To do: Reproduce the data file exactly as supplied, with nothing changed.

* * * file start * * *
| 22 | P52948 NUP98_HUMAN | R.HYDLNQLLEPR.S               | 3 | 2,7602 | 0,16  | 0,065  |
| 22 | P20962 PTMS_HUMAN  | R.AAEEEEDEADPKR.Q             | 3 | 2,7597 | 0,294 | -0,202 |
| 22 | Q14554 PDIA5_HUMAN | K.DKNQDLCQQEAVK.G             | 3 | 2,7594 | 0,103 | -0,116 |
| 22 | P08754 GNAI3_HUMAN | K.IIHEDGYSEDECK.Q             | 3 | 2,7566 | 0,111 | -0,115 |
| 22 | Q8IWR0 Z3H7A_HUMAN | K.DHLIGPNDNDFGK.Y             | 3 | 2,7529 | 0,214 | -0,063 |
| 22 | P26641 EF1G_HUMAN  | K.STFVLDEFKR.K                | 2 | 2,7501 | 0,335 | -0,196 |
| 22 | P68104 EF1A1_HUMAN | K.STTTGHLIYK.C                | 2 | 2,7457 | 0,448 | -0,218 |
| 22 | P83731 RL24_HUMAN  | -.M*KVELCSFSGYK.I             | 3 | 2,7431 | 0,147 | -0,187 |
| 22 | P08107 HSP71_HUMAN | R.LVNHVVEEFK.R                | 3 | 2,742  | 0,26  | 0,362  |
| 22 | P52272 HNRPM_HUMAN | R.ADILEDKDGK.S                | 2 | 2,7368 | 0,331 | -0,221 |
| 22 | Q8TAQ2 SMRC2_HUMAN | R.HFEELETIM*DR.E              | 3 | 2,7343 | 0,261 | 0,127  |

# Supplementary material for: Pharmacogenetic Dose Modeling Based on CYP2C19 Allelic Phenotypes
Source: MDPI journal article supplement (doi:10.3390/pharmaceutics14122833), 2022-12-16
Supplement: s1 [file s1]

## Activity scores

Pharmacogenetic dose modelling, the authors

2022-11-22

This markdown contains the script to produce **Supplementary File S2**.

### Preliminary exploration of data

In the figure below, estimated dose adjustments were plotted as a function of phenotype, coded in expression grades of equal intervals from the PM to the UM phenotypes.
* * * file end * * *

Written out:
| 22 | P52948 NUP98_HUMAN | R.HYDLNQLLEPR.S               | 3 | 2,7602 | 0,16  | 0,065  |
| 22 | P20962 PTMS_HUMAN  | R.AAEEEEDEADPKR.Q             | 3 | 2,7597 | 0,294 | -0,202 |
| 22 | Q14554 PDIA5_HUMAN | K.DKNQDLCQQEAVK.G             | 3 | 2,7594 | 0,103 | -0,116 |
| 22 | P08754 GNAI3_HUMAN | K.IIHEDGYSEDECK.Q             | 3 | 2,7566 | 0,111 | -0,115 |
| 22 | Q8IWR0 Z3H7A_HUMAN | K.DHLIGPNDNDFGK.Y             | 3 | 2,7529 | 0,214 | -0,063 |
| 22 | P26641 EF1G_HUMAN  | K.STFVLDEFKR.K                | 2 | 2,7501 | 0,335 | -0,196 |
| 22 | P68104 EF1A1_HUMAN | K.STTTGHLIYK.C                | 2 | 2,7457 | 0,448 | -0,218 |
| 22 | P83731 RL24_HUMAN  | -.M*KVELCSFSGYK.I             | 3 | 2,7431 | 0,147 | -0,187 |
| 22 | P08107 HSP71_HUMAN | R.LVNHVVEEFK.R                | 3 | 2,742  | 0,26  | 0,362  |
| 22 | P52272 HNRPM_HUMAN | R.ADILEDKDGK.S                | 2 | 2,7368 | 0,331 | -0,221 |
| 22 | Q8TAQ2 SMRC2_HUMAN | R.HFEELETIM*DR.E              | 3 | 2,7343 | 0,261 | 0,127  |

# Supplementary material for: Pharmacogenetic Dose Modeling Based on CYP2C19 Allelic Phenotypes
Source: MDPI journal article supplement (doi:10.3390/pharmaceutics14122833), 2022-12-16
Supplement: s1 [file s1]

## Activity scores

Pharmacogenetic dose modelling, the authors

2022-11-22

This markdown contains the script to produce **Supplementary File S2**.

### Preliminary exploration of data

In the figure below, estimated dose adjustments were plotted as a function of phenotype, coded in expression grades of equal intervals from the PM to the UM phenotypes.